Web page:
No announcement yet.

Placing money at dancers feet

  • Filter
  • Time
  • Show
Clear All
new posts

  • Placing money at dancers feet

    I was not sure how to label this topic for my question. At pow-wows when the MC calls for a specific style of dancers to dance(ex. all Jingle dancers only) I have noticed that sometimes people will drop money at a dancers feet. The dancer then stays in that spot to dance. When the song is over, someone will come out and pick up the money and hand it to the dancer. When I was at the NOAC(national OA conference) pow-wow, the MC called for the different type of lady dancers to dance.(there were several of us "female brothers" there). While the ladies in Jingle were dancing a boy came out and placed money at her feet. Immediately a man (who is Lenni Lanape)came out, picked up the money, handed it to the lady and escorted the young man outside for a 'talk'. My question is, what are the rules and protocal for placing money at a dancer's feet? What was different about that situation vs. a regular pow-wow? Forgive my ignorance, I'm still learning.

  • #2
    I know in canada they do that do honor the dancer because they like the style the dancer shows. The arena director is the one who goes and picks it up and gives to an elder in the crowd. That is my understanding and teaching that has been passed down to me. Hope this helps


    • #3
      I don't have a definitive answer for you exactly - just a speculation. I was at NOAC (my niece was dancing fancy shawl - purple, pink, teal outfit - young girl). She was also "staked" (money dropped at her feet).

      I think the situation was not so much staking a female dancer, as it was staking a "jingle dancer." It might be that in his eyes or traditions, it is wrong to stake this particular dance style as Jingle Dance is considered a "medicine dance" by most people I've encountered. He (the older man) may have felt it was wrong to hold a jingle dancer in place, corrected the situation, then took the young man aside to explain why he had released the dancer.

      We have been to powwows where we have seen jingle dancers and other dancers staked, although we've noticed it doesn't happen much (and sometimes not at all) at contest powwows. I didn't see the particular incident you are referring to take place.

      If we are talking about the same fellow (was he one of the advisors to the conference?), if you watched him, he staked a few dancers himself, and always remained near the dancer in the arena dancing in place with them until the song was over, at which point he would pick up the stake money and hand it to them. If its the same man, he's not adverse to staking and he is definitely pro-educating folks about powwow and American Indian traditions.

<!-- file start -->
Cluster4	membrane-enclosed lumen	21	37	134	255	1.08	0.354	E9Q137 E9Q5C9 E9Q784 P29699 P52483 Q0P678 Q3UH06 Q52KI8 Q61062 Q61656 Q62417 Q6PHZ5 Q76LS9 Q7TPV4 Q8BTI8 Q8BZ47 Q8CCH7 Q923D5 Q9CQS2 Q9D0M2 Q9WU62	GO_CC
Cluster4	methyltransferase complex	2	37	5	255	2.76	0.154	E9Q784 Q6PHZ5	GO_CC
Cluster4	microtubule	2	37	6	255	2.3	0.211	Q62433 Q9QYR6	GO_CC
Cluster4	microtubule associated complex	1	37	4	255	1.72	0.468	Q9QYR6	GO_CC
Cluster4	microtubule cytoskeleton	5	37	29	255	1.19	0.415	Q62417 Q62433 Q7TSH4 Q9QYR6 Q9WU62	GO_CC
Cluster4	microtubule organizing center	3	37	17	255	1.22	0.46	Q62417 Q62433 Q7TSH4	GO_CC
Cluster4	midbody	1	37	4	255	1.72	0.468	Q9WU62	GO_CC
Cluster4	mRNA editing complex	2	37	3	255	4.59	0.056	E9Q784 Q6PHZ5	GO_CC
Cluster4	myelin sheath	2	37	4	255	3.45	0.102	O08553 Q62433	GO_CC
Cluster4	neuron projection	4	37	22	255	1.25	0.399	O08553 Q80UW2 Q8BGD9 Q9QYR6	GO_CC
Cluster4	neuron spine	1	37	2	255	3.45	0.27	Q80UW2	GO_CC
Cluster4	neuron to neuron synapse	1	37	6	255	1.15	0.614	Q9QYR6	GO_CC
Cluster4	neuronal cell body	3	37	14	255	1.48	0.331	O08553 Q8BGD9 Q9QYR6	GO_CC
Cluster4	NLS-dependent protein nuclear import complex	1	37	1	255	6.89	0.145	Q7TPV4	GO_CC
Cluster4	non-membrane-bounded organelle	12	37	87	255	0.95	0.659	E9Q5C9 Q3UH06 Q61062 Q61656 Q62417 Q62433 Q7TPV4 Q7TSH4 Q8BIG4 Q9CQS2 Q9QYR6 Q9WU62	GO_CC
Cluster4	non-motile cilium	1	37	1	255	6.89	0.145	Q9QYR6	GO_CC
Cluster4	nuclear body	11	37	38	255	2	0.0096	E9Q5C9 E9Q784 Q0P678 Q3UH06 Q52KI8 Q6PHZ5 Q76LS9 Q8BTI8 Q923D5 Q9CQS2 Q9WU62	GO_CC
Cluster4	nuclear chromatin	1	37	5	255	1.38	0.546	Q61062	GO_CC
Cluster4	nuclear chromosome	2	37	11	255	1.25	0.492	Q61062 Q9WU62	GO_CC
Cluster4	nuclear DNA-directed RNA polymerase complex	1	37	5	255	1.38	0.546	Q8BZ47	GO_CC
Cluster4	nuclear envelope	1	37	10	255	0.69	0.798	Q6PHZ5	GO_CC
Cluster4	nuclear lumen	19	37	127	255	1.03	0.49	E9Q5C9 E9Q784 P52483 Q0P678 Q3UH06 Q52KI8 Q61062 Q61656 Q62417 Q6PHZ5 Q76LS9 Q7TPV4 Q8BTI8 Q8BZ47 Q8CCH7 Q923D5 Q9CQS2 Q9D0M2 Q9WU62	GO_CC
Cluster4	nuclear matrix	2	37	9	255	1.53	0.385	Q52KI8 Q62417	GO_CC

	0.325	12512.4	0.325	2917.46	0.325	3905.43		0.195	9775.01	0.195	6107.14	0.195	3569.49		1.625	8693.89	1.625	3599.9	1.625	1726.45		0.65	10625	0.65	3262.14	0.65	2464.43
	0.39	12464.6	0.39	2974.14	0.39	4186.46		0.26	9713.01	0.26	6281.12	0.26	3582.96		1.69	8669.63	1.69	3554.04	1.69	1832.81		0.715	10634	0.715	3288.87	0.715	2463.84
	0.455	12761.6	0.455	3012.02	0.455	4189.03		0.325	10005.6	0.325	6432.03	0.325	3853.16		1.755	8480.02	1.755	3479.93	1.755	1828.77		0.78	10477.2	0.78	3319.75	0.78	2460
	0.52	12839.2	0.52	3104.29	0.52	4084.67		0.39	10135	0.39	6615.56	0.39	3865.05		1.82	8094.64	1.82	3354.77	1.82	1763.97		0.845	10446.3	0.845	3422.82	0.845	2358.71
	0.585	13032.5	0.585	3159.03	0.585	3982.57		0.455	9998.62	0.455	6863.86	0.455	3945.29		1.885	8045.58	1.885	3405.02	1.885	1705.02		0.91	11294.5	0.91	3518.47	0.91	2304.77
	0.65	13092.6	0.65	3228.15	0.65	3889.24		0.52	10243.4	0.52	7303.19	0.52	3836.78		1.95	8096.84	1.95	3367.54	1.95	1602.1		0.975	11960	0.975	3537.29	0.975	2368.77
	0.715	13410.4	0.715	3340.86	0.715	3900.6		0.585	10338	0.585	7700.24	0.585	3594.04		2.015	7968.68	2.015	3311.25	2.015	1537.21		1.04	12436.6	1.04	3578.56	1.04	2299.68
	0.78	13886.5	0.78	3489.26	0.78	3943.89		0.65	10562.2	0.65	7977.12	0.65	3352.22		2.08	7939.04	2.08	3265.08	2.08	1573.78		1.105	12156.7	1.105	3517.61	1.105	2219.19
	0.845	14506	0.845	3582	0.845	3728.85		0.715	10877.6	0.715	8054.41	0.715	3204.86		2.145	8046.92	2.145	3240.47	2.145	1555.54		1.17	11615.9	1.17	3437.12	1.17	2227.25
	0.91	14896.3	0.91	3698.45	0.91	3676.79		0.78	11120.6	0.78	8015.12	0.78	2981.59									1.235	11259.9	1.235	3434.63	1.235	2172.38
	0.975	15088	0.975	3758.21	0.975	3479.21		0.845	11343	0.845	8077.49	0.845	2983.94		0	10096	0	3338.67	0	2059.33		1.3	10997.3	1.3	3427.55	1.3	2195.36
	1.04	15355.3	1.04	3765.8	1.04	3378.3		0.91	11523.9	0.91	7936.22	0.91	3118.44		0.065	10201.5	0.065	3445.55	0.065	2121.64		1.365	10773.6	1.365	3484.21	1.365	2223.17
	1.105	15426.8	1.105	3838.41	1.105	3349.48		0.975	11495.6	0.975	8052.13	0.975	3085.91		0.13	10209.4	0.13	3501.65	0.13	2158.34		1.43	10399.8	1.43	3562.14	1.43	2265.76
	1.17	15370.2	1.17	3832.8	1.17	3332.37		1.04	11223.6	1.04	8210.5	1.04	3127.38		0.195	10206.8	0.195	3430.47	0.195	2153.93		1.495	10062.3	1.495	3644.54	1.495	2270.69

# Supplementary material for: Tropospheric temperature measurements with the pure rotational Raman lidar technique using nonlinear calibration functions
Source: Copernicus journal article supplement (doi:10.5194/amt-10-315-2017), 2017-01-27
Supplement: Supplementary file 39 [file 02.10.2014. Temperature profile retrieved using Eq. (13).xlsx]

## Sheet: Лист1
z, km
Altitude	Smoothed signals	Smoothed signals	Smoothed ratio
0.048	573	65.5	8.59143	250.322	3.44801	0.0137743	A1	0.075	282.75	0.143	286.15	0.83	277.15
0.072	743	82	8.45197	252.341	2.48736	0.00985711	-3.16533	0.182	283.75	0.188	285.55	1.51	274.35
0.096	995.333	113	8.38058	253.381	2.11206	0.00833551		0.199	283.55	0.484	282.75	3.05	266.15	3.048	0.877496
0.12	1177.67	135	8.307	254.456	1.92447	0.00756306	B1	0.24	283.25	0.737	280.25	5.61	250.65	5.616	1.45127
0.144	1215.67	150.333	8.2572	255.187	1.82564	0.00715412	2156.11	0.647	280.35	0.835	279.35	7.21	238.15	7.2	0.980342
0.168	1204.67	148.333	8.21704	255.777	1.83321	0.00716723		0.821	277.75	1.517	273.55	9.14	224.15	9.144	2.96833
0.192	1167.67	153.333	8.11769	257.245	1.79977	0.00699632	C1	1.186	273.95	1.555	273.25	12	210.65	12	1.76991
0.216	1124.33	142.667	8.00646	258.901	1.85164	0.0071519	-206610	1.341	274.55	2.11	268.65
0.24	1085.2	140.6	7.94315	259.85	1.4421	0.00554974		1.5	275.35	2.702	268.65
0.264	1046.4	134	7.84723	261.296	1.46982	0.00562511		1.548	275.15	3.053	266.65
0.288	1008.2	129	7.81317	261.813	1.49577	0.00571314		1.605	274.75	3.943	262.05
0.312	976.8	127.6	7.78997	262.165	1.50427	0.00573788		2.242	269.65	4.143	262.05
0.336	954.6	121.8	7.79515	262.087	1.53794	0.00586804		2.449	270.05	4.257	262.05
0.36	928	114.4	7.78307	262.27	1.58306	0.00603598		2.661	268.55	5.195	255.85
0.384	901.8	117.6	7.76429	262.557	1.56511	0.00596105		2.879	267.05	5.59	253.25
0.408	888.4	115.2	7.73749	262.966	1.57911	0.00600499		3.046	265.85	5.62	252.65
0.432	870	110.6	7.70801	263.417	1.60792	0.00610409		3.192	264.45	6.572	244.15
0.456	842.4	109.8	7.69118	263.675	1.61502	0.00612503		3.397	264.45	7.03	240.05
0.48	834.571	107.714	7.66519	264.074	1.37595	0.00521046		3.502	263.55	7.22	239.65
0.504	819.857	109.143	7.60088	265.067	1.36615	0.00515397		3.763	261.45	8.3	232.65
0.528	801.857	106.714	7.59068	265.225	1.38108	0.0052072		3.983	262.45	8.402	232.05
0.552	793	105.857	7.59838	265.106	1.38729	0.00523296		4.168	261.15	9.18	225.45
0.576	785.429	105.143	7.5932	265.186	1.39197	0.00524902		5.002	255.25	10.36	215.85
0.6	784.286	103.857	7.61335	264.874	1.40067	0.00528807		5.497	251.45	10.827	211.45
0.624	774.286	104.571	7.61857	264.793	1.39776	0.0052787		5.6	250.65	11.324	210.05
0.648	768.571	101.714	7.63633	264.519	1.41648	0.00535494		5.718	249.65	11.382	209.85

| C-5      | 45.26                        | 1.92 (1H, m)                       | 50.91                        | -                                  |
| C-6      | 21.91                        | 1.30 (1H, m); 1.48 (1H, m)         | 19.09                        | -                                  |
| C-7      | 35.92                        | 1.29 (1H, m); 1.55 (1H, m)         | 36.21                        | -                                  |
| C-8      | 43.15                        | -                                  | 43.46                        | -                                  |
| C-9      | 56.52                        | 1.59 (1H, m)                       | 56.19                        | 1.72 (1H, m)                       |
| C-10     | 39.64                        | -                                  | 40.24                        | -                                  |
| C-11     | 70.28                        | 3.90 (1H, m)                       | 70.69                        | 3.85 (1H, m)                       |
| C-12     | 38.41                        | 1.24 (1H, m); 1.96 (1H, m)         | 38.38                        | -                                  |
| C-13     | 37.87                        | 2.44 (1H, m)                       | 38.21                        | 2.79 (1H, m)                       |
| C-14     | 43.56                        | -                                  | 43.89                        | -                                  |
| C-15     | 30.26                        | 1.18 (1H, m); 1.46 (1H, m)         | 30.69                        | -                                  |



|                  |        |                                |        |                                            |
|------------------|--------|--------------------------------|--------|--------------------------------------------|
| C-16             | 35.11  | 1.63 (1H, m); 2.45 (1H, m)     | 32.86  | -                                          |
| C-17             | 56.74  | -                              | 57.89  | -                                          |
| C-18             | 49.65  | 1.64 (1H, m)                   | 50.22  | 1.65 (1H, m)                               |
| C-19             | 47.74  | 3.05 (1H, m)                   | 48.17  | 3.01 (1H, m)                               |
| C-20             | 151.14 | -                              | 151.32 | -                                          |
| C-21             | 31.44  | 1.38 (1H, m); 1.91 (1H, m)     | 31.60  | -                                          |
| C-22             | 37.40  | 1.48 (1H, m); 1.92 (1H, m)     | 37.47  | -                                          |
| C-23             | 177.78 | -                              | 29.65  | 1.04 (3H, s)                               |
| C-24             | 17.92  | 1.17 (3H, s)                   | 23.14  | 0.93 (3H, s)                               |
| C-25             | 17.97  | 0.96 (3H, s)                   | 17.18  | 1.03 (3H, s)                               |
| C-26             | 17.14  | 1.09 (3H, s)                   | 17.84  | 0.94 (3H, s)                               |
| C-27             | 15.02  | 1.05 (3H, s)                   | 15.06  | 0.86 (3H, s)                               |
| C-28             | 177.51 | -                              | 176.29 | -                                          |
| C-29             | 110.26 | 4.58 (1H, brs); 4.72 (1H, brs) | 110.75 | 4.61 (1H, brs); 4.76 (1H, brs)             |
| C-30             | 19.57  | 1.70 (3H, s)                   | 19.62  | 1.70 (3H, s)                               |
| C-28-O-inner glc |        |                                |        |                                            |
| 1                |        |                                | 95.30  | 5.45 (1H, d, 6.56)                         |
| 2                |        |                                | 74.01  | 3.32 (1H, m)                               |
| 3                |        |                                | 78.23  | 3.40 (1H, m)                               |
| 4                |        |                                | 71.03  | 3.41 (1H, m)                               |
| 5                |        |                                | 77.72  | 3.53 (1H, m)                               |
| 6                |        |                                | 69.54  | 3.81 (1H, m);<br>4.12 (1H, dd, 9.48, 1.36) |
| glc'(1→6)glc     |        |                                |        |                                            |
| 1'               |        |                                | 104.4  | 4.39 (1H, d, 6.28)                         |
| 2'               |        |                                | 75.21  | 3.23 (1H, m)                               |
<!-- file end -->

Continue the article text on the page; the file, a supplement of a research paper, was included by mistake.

I'm betting he didn't feel it was appropriate to stake jingle dancers. He didn't release any of the other women's dance styles that were staked and I'm basing my "guess" on knowing that he didn't release the others.

      [This message has been edited by Nagi (edited October 08, 2000).]
      Be the change you want to happen.


      • #4
        Usually the only time I know that you cant 'spike' a dancer is during competition. Since competition at NOAC is only mens since young women arent allowed in the OA (i could be wrong, i forgot all about BSA and OA when our council forgot about the kids)i think it may just have been the guys own belief. Yes Jingle Dress was created as a medicine dance, but embarrassing that kid who honored that dancer was the wrong thing to do. If it was a true MEDICINE DANCE why do they compete for money? Why do they dance at powwows? Oh, I see, "My medicine is better than your medicine" dance.

        As for someones own beliefs, IT IS A BOY SCOUT EVENT!!! YOU SHOULD EXPECT SOME ODD THINGS!!! If they are worried about someone honoring a GOOD dancer they should come up here to the NE and check us out. Ive seen every type of dancer spiked. Ive seen people dance with a pheasant skin tied to their head, Ive seen GROWN MEN dance with coyote skulls on sticks that have the jaw wired to open and close!!! Ive seen guys dance with roaches with 20 feather spreaders!!! Its pretty interesting.

        Maybe someone can clear the whole 'spiked dancer' story up from NOAC.
        The brighter the light, the deeper the shadow.


        • #5